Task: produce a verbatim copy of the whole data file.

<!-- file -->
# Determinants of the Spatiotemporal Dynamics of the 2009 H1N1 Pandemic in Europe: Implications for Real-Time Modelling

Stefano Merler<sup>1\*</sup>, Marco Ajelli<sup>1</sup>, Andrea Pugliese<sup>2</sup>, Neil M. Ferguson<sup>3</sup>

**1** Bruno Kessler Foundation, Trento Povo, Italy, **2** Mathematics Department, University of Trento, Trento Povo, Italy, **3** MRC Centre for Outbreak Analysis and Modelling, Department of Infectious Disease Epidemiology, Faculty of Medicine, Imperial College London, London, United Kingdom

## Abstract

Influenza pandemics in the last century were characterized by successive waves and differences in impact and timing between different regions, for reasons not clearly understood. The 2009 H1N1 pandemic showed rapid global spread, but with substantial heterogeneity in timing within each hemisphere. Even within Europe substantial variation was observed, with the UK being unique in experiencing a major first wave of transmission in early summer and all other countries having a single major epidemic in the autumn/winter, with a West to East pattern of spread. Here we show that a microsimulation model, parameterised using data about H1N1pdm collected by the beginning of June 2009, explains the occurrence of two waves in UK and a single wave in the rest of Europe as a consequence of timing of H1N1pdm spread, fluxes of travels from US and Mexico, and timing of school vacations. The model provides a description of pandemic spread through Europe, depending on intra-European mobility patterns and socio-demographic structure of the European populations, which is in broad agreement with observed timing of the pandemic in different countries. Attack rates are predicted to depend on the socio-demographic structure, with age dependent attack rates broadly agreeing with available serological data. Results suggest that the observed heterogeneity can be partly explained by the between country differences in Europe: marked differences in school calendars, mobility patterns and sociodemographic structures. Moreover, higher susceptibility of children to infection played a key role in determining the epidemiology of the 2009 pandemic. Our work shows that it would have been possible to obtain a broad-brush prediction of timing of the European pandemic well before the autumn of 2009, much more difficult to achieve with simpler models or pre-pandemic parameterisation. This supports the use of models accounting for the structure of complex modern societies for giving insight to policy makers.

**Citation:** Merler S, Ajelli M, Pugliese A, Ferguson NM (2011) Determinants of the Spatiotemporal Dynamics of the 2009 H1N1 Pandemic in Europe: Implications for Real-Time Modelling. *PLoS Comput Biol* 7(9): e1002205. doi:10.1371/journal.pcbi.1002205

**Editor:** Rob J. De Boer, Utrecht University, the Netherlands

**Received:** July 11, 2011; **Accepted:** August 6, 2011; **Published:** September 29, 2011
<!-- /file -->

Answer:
# Determinants of the Spatiotemporal Dynamics of the 2009 H1N1 Pandemic in Europe: Implications for Real-Time Modelling

Stefano Merler<sup>1\*</sup>, Marco Ajelli<sup>1</sup>, Andrea Pugliese<sup>2</sup>, Neil M. Ferguson<sup>3</sup>

**1** Bruno Kessler Foundation, Trento Povo, Italy, **2** Mathematics Department, University of Trento, Trento Povo, Italy, **3** MRC Centre for Outbreak Analysis and Modelling, Department of Infectious Disease Epidemiology, Faculty of Medicine, Imperial College London, London, United Kingdom

## Abstract

Influenza pandemics in the last century were characterized by successive waves and differences in impact and timing between different regions, for reasons not clearly understood. The 2009 H1N1 pandemic showed rapid global spread, but with substantial heterogeneity in timing within each hemisphere. Even within Europe substantial variation was observed, with the UK being unique in experiencing a major first wave of transmission in early summer and all other countries having a single major epidemic in the autumn/winter, with a West to East pattern of spread. Here we show that a microsimulation model, parameterised using data about H1N1pdm collected by the beginning of June 2009, explains the occurrence of two waves in UK and a single wave in the rest of Europe as a consequence of timing of H1N1pdm spread, fluxes of travels from US and Mexico, and timing of school vacations. The model provides a description of pandemic spread through Europe, depending on intra-European mobility patterns and socio-demographic structure of the European populations, which is in broad agreement with observed timing of the pandemic in different countries. Attack rates are predicted to depend on the socio-demographic structure, with age dependent attack rates broadly agreeing with available serological data. Results suggest that the observed heterogeneity can be partly explained by the between country differences in Europe: marked differences in school calendars, mobility patterns and sociodemographic structures. Moreover, higher susceptibility of children to infection played a key role in determining the epidemiology of the 2009 pandemic. Our work shows that it would have been possible to obtain a broad-brush prediction of timing of the European pandemic well before the autumn of 2009, much more difficult to achieve with simpler models or pre-pandemic parameterisation. This supports the use of models accounting for the structure of complex modern societies for giving insight to policy makers.

**Citation:** Merler S, Ajelli M, Pugliese A, Ferguson NM (2011) Determinants of the Spatiotemporal Dynamics of the 2009 H1N1 Pandemic in Europe: Implications for Real-Time Modelling. *PLoS Comput Biol* 7(9): e1002205. doi:10.1371/journal.pcbi.1002205

**Editor:** Rob J. De Boer, Utrecht University, the Netherlands

**Received:** July 11, 2011; **Accepted:** August 6, 2011; **Published:** September 29, 2011